The New York Society of Women Artists
The Meaning of the Line Exhibition
February 8-28, 2010 @ The Broom Street Gallery

Some Serious Ladies Show Their Works

In a artistic climate in which one walks into “hip” contemporary art galleries often feeling that they have encountered “civilization at the end of its tether,” it is refreshing to find a group show in which the participants are not only able speak to the current times, but also display technical skill. The New York Society of Woman Artists’ The Meaning of the Line which opened February 8th and runs through the 28th at the lovely Broom Street Gallery contains some such wonderfully inspired works. And as a whole this ensemble should be commended for veering away from the sensational, and displaying sometimes humble, sometimes quiet works which hold a great power and resonance.

There are the deceptively simple acrylic paintings of Gloria Schar, whose Cooling and Reds and Purple have a Rothko style, but instead of using the swaths of color as imposing forefronts, she casts the colors as seeming shadows to some home in our memory. And Tina Rohrer’s uncanny Accent Aqua III and Blue/Green Progression are series of green shades checkerboards that elude both to the modern world of computer mapping and code, yet create a mirage of natural landscapes. One might also spend some time contemplating Lea Weinberg’s love-filled bronze’s Whereto and Attachment. The two human sculptures are evocative of geological formations, formed by a miraculous wind or water.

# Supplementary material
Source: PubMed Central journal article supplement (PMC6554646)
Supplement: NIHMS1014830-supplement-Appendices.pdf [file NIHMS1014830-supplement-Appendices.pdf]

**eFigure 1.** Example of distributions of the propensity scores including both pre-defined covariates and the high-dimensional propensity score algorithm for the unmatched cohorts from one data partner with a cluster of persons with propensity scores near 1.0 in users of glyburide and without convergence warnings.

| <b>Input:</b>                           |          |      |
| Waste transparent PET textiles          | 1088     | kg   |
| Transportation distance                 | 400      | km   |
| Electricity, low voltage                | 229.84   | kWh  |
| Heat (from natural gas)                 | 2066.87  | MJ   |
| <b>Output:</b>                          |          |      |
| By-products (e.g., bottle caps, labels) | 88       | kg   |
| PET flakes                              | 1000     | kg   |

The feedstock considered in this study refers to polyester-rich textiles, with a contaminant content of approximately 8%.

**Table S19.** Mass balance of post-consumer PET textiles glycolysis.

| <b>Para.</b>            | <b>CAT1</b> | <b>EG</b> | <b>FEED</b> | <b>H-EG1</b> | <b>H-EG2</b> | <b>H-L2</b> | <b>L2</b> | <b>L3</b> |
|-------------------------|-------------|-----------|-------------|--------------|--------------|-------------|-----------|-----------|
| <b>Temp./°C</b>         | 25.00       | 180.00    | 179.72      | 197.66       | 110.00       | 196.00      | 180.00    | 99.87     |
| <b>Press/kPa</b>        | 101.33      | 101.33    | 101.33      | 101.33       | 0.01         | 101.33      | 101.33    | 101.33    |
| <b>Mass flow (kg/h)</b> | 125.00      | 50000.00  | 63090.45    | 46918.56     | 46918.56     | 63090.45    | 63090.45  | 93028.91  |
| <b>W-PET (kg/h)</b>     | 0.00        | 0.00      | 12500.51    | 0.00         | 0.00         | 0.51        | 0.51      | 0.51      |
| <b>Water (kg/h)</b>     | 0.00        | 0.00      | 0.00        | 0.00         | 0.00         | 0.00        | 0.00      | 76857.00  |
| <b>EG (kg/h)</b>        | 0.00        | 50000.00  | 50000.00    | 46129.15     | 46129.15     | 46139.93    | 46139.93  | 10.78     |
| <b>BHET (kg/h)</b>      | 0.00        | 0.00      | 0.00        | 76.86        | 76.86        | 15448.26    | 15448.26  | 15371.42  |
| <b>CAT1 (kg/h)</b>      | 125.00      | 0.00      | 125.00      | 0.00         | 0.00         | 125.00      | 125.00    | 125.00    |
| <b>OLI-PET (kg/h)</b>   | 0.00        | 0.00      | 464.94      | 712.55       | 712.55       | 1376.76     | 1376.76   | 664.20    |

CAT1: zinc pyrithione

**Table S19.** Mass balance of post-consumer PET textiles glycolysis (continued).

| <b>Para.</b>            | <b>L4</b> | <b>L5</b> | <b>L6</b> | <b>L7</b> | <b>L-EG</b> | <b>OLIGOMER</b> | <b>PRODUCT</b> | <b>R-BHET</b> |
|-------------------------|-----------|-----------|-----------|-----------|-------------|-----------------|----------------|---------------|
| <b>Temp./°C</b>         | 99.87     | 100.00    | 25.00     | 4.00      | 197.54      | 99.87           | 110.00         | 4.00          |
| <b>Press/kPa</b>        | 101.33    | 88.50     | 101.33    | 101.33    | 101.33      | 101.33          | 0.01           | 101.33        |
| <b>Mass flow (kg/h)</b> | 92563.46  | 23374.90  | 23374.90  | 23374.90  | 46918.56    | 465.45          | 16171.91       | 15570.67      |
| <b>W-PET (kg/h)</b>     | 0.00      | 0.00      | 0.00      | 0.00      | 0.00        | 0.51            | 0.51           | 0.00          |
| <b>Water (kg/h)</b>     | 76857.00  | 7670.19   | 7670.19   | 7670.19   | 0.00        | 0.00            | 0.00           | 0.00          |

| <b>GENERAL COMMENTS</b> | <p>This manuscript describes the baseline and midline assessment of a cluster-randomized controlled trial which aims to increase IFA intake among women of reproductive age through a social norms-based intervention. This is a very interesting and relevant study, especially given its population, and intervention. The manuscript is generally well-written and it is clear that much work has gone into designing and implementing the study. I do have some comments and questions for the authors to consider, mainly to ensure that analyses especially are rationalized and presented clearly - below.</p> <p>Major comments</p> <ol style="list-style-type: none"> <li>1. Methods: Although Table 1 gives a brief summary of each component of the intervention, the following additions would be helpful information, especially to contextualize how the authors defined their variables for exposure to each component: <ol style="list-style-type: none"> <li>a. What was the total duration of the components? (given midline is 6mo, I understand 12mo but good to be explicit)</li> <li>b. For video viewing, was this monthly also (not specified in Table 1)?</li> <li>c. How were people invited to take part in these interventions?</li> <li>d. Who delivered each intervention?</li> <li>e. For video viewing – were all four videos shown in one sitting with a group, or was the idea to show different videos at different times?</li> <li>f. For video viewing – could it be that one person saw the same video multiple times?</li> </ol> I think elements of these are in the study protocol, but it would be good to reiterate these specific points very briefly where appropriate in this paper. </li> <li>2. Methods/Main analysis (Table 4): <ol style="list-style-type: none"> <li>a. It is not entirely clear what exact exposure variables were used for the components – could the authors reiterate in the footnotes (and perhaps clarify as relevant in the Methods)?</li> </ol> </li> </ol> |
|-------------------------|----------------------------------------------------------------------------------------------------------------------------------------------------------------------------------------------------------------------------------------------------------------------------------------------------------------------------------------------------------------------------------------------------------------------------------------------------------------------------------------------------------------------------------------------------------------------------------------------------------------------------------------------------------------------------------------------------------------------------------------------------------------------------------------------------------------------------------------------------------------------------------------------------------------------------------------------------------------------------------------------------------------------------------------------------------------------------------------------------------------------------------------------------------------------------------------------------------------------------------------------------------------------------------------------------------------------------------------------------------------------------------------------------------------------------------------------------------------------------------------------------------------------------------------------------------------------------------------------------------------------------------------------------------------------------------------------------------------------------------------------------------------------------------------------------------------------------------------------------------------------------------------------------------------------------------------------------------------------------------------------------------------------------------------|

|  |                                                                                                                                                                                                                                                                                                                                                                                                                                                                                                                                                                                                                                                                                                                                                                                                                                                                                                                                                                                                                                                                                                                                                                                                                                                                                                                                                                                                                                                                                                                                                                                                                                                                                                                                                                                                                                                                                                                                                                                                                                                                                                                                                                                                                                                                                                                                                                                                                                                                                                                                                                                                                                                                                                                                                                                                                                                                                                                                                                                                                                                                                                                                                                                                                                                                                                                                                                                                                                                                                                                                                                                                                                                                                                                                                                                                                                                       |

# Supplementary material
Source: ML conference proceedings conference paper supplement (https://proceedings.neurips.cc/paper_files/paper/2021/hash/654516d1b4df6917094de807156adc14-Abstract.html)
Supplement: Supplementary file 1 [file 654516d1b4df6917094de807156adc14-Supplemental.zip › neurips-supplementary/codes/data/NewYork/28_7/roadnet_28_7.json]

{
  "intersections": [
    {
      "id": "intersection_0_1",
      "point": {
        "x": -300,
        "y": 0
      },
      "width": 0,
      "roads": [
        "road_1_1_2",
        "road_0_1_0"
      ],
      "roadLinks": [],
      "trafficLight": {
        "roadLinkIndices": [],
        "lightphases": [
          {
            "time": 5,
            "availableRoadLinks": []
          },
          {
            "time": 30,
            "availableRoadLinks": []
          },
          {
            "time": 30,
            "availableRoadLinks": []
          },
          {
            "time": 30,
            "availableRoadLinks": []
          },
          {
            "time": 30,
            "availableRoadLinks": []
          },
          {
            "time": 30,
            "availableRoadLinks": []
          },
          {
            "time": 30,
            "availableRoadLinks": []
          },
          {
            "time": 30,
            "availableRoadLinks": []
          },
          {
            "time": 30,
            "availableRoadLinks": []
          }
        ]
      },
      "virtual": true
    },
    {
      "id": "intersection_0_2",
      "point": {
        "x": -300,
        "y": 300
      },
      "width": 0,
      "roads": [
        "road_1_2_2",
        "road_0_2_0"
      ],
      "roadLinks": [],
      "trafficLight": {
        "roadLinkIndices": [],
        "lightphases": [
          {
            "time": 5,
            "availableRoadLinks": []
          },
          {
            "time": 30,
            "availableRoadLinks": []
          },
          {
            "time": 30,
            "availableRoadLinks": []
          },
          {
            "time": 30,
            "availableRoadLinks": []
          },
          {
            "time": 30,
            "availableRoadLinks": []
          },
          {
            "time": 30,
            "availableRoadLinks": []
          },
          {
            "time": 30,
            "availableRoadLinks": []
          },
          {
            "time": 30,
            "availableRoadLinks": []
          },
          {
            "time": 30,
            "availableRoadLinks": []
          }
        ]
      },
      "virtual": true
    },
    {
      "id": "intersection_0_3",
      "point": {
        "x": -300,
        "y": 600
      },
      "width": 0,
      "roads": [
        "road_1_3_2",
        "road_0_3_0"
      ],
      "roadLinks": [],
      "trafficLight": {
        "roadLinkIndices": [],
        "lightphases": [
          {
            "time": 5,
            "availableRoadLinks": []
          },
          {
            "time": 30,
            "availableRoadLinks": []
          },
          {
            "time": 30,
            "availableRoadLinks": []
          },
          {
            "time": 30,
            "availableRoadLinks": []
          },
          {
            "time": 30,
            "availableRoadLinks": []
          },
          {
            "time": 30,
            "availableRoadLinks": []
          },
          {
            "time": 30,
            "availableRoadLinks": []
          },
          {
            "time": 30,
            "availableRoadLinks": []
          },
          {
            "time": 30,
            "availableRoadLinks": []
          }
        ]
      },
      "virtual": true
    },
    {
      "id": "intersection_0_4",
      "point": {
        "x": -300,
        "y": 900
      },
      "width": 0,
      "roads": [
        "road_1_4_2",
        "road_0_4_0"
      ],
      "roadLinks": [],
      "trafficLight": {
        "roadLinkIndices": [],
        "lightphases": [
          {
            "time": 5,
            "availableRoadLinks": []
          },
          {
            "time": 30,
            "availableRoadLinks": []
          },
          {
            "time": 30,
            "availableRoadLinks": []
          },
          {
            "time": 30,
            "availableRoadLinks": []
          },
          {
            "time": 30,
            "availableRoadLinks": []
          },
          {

Another very worthy composition is that of Diana Freedman-Shea, whose Dusk: Long Island City Winter uses almost translucent oil paint and sometimes even just-outlined figures to capture the feeling of those shortest of days. Despite her dreamy hues and strokes, the painting carries a deep reality; so that it is almost like an old photograph. Inviting you to walk into it, the painting gives one the gift of solace even in a dreary, winter day.

And one should not leave the show without spending a considerable time contemplating the profound work of Jerilyn Jurinek, whose oil Crossing the Delaware River is a profound multi-dimensional work that first gives almost geometric surface impressions, but upon time becomes deep and expansive human and environmental landscape in the viewer’s gaze. Indeed, once the painting amazingly becomes three dimensional, one is able then to understand that the colorful shapes are indeed figures on a terrifying, yet hopeful journey across a deep cold river. On one side is a silhouetted figure that almost floats over the canvas, and it is balanced on the other side by a seemingly distant moon. The painting is a daring work – a robust hybrid of abstract power and well crafted figures – combined to produce a scene filled with beauty and cathartic pain.

Crossing the Delaware River

Peter Neofotis
New York
February 8, 2010